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PostPosted: Mon Aug 20, 2012 4:36 am 
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Malcolm wrote:
Jyoti wrote:

Just as within a dream, appearances of people seems to have their own individual mind streams, but they are not real, only deceptively exist as appearance only. What make a dream environment possible is not due to multiple consciousnesses, but the consciousness of your own which is not share by anyone else. Similary in reality, all phenomena is manifestation of a single consciousness.


This is Vedanta.


This is not a problem on the position of definitive meaning.


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PostPosted: Mon Aug 20, 2012 5:06 am 
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Jyoti wrote:
Malcolm wrote:
Jyoti wrote:

Just as within a dream, appearances of people seems to have their own individual mind streams, but they are not real, only deceptively exist as appearance only. What make a dream environment possible is not due to multiple consciousnesses, but the consciousness of your own which is not share by anyone else. Similary in reality, all phenomena is manifestation of a single consciousness.


This is Vedanta.


This is not a problem on the position of definitive meaning.


Yes, it most certainly is. Moreover, since you are a fan of Yogacara, you should be aware that while Vasubandhu, for example, rejects outer objects, he defends the existence of sentient beings possessing distinct and unique mental continuums.

In other words, yogacara does not propose that the appearance of other minds is illusory -- in fact, when you read the Mahāyāna Samgraha, for example, by Asanga, he shows quite clearly that it is because of shared traces that we all perceive the same container world. In other words, for Yogacara, individual minds are real, but not their appearances.

I think you need to correct your understanding of Yogacara.

BTW, this is off topic for this thread, you should continue this in either the academic forum or somewhere else, but not in this thread.

M

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PostPosted: Mon Aug 20, 2012 6:15 am 
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malcolm pls refer to the new topic in the academic forum.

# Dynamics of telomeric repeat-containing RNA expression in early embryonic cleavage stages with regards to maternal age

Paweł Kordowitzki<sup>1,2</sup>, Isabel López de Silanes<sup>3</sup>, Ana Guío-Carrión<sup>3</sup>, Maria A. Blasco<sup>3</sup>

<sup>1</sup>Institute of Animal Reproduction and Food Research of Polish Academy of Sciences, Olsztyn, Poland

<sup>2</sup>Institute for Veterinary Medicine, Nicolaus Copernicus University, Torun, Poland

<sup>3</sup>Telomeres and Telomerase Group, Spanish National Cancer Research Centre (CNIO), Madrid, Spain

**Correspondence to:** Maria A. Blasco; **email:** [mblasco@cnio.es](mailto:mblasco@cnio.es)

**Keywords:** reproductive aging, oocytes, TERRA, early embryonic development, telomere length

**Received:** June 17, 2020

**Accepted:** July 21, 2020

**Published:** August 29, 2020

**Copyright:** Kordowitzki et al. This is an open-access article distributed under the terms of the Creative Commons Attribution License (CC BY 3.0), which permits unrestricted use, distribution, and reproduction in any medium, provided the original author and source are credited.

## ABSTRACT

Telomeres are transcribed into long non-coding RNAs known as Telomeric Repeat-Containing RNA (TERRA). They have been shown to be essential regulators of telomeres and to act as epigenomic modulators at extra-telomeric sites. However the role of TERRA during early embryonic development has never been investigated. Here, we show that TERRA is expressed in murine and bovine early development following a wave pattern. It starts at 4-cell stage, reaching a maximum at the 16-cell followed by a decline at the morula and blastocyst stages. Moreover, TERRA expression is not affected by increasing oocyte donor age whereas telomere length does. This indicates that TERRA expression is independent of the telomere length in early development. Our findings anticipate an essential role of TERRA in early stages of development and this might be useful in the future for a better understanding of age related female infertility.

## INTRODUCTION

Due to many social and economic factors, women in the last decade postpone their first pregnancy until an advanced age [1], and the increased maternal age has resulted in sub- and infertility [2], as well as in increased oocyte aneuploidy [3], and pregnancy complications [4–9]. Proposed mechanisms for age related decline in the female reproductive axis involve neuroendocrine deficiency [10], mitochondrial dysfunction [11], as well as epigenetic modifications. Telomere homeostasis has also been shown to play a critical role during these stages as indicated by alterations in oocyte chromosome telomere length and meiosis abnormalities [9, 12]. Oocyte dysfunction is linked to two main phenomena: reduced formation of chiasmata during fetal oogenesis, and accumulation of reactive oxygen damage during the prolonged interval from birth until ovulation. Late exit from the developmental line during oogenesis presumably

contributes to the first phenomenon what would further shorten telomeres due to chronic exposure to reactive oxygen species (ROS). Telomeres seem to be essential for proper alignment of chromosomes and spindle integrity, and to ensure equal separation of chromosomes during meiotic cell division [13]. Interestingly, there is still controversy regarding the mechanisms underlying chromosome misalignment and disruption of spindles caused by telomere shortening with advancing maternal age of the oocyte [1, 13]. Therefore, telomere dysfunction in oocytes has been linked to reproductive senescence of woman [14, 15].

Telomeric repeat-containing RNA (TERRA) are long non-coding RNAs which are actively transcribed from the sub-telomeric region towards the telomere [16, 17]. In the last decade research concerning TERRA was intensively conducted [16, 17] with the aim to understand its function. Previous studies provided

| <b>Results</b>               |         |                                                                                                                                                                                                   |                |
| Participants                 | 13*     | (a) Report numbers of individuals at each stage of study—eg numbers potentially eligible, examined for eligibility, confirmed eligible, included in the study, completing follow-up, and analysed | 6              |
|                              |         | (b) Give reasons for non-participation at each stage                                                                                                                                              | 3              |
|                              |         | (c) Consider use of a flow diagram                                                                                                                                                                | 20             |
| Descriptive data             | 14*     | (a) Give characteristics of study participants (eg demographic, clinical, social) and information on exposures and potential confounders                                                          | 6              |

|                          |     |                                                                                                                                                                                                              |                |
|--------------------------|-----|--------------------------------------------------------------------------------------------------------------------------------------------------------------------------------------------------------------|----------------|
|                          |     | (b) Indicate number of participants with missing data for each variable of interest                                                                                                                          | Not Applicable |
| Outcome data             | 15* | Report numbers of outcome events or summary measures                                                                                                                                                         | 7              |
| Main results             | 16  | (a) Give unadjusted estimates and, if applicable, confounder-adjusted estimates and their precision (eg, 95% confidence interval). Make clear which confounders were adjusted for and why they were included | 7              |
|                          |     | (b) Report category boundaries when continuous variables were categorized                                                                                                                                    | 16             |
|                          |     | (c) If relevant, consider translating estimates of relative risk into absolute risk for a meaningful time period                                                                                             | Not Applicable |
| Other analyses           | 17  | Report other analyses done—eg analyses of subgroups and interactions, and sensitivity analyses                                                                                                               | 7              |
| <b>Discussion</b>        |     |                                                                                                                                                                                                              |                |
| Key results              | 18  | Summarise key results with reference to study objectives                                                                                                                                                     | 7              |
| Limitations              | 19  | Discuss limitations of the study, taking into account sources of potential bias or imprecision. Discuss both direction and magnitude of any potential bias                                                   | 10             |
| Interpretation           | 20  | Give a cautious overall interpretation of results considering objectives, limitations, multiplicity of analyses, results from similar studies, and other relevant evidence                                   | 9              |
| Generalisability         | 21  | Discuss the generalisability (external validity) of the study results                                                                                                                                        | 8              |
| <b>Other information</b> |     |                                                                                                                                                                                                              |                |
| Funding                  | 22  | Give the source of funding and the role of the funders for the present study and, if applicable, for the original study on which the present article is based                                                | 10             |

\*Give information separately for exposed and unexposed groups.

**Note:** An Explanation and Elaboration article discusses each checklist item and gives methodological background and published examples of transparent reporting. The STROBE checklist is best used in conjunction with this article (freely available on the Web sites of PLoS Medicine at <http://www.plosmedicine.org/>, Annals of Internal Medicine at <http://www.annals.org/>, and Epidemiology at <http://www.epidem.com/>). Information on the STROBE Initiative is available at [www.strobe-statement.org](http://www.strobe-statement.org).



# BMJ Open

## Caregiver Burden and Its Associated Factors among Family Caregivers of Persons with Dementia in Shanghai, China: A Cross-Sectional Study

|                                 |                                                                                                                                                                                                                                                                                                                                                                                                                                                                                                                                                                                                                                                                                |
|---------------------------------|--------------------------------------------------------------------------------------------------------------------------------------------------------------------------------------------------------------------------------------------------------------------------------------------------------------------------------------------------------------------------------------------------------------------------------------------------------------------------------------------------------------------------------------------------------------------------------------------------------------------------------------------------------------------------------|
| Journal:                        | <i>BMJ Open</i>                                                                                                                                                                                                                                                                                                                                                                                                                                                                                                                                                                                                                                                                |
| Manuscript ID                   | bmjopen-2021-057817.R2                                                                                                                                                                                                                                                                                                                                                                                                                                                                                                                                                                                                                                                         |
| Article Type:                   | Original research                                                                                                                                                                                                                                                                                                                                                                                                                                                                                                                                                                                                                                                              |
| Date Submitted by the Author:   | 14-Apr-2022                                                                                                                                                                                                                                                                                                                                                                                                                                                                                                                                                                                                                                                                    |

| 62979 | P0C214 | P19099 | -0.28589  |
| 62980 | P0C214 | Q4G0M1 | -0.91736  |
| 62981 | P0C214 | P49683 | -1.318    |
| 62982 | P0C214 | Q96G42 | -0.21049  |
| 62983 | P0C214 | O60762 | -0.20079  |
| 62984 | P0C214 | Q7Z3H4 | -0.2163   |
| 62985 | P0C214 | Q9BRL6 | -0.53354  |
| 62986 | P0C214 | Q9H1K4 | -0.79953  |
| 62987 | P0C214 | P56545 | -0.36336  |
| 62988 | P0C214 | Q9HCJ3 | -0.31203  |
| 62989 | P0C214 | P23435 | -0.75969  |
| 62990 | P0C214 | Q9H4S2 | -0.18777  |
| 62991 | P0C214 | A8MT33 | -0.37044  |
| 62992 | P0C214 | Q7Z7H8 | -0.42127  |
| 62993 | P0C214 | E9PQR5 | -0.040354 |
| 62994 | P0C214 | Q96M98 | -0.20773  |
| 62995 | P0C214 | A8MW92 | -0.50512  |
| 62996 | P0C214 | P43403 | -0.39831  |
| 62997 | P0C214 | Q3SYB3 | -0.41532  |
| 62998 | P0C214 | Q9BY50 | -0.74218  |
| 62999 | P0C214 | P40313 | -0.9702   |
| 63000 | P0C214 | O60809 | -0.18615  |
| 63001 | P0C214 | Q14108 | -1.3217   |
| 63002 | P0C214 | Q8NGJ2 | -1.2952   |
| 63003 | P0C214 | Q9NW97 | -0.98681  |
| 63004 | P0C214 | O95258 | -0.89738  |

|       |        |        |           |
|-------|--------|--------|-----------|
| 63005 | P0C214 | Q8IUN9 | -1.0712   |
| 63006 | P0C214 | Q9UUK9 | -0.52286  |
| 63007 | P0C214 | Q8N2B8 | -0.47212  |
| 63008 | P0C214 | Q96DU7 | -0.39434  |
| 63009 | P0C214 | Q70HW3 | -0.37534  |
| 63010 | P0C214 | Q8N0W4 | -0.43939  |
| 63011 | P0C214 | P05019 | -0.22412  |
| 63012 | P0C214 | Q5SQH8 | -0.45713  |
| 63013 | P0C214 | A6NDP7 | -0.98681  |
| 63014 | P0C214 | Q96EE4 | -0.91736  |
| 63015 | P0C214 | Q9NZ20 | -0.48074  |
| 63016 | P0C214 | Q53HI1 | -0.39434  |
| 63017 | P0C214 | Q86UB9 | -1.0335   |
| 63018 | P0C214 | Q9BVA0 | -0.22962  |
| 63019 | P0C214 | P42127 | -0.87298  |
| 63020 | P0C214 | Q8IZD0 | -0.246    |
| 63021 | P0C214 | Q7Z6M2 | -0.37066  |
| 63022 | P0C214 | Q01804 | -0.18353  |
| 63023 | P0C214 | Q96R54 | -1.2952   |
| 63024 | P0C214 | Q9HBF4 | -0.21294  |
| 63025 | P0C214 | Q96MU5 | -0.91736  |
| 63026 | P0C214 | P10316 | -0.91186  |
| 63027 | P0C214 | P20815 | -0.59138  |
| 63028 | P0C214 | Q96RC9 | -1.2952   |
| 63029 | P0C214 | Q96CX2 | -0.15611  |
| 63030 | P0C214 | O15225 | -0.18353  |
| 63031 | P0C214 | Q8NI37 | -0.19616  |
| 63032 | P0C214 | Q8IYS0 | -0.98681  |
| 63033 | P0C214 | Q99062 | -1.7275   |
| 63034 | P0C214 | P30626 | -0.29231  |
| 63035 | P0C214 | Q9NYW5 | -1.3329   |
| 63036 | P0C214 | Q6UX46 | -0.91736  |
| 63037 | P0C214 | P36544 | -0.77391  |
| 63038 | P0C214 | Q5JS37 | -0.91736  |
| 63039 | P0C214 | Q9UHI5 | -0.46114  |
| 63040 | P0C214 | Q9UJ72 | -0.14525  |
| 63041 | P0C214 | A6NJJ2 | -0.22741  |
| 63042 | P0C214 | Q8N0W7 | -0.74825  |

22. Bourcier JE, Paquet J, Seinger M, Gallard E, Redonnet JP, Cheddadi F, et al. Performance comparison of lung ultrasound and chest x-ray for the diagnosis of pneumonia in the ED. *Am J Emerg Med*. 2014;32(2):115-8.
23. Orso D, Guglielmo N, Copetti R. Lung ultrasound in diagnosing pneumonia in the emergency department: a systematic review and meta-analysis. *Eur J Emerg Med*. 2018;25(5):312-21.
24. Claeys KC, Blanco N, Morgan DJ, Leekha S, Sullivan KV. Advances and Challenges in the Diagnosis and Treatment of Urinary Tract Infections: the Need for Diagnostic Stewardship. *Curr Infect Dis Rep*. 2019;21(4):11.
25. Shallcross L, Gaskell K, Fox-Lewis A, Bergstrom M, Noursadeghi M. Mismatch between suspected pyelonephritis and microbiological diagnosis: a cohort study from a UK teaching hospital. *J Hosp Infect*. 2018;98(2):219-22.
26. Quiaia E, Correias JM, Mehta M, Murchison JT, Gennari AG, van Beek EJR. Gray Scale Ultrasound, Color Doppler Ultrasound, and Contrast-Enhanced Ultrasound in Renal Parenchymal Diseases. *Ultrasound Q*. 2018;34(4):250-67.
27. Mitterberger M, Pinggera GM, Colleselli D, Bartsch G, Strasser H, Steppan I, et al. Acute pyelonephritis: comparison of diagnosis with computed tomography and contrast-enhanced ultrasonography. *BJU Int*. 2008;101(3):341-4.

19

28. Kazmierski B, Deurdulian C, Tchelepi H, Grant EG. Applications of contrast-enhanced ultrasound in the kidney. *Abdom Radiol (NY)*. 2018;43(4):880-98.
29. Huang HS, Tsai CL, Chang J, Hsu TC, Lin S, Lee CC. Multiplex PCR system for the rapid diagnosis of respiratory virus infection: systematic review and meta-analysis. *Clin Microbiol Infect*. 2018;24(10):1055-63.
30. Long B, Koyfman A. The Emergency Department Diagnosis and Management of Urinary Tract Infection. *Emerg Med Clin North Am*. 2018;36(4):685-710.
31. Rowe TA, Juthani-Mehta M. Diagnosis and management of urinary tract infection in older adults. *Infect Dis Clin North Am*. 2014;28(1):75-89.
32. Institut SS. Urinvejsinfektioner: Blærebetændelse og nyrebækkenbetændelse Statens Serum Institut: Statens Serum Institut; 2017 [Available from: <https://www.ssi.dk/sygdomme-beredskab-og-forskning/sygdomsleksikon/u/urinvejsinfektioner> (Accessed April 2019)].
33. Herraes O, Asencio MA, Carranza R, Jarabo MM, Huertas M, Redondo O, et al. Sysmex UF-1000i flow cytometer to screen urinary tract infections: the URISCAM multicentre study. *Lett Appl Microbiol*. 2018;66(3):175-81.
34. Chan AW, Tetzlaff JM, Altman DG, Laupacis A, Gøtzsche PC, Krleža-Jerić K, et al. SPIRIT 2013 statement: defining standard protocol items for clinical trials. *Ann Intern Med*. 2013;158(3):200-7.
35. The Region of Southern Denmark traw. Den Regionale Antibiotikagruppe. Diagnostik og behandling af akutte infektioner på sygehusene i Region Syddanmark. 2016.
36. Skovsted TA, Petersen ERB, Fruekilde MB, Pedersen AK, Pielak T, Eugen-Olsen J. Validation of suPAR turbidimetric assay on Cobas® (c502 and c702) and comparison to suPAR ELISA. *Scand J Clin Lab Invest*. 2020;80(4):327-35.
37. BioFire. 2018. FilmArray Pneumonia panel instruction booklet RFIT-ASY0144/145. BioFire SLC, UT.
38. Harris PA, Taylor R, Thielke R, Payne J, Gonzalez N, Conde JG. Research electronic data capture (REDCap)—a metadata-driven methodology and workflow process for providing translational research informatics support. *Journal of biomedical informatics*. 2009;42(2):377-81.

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PostPosted: Mon Aug 20, 2012 8:45 pm 
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SSJ3Gogeta wrote:
deepbluehum wrote:
SSJ3Gogeta wrote:
Dzogchen guru yoga is tibetan letter A surrounded by a circle.

As you know the letter A is a coded symbol for breaking through


In Dzogchen everything is rigpa



1. Rigpa is not a thing.

2. Rigpa means knowledge.

3. If anything the universe appears because of ignorance (marigpa) as explained by Malcolm above.


I'm not a scholar or translator, but I do feel that rigpa (vidya Skt) does not mean knowledge. Rigpa is that which sees the non-dual nature. Knowledge makes it sound like rigpa is remembering facts -- that would send people down a path focusing on conceptual mind and intellectualism, which is really a dead end.

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PostPosted: Mon Aug 20, 2012 8:48 pm 
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Yudron wrote:

I'm not a scholar or translator, but I do feel that rigpa (vidya Skt) does not mean knowledge.


Rigpa, in all Dzogchen texts, is constrasted with Ma rigpa. Because of not knowing [ma rig pa] our real state we enter samsara. Through knowing [rig pa] our real state, we attain liberation.

M

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འ༔ ཨ༔ ཧ༔ ཤ༔ ས༔ མ༔

How can you not practice the highest Dharma
at this time of obtaining a perfect human body?

-- Jetsun Dragpa Gyaltsen


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PostPosted: Mon Aug 20, 2012 9:27 pm 
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Jeff wrote:
Lotus_bitch had just defined Buddhist non-duality in different terms.

Also, there is a major difference between a non-dual non-local and a non-local experience. No one who experiences non-dual non-local would ever confuse it with something like astral travel. There is no place to go...

:smile:

I quoted the Surangama Sutra and articles, to show how subtle grasping of certain experiences, leads to the reification of consciousness.

The Buddha clearly refutes the position you are proposing in the Buddhist canon. According to Buddhism: The sort of experience you're describing will lead to rebirth in a long lived God realm; only to either re-enter lower planes of existence (once the merit of being born there is exhausted) or to be reexpressed in ignorance at the start of a new universe.